The Mexican and Chicana/o residents of San Diego have a long, complicated, and rich history that has been largely ignored. This collection of essays shows how the Spanish-speaking people of this
border city have created their own cultural spaces. Sensitive to issues of gender—and paying special attention to political, economic, and cultural figures and events—the contributors explore what
is unique about San Diego's Mexican American history.
Although Chicano San Diego
has something for general readers, students, and academics alike, it especially makes an important contribution toward Chicana/o studies at high school and college introductory levels.
— Southern California Quarterly
In chronologically ordered chapters, scholars discuss how Mexican and Chicana/o people have resisted and accommodated the increasingly
Anglo-oriented culture of the region. The book's early chapters recount the historical origins of San Diego and its development through the mid-nineteenth century, describe the "American colonization"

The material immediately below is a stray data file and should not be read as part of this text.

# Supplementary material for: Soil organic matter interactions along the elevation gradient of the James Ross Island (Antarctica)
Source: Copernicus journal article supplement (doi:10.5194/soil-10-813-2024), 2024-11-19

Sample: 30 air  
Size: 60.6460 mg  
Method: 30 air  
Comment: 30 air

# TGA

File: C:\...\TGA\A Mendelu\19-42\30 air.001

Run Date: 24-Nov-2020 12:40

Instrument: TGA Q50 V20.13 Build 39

that followed, and include examples of Latino resistance that span the twentieth century—from early workers' strikes to the United Farm Workers movement of the 1960s. Later chapters trace the
Chicana/o Movement in the community and in the arts; the struggle against the gentrification of the barrio; and the growth of community organizing (especially around immigrants' rights) from the
perspective of a community organizer.
To tell this sweeping story, the contributors use a variety of approaches. Testimonios retell individual lives, ethnographies relate the stories of
communities, and historical narratives uncover what has previously been ignored or discounted. The result is a unique portrait of a marginalized population that has played an important but neglected
role in the development of a major American border city.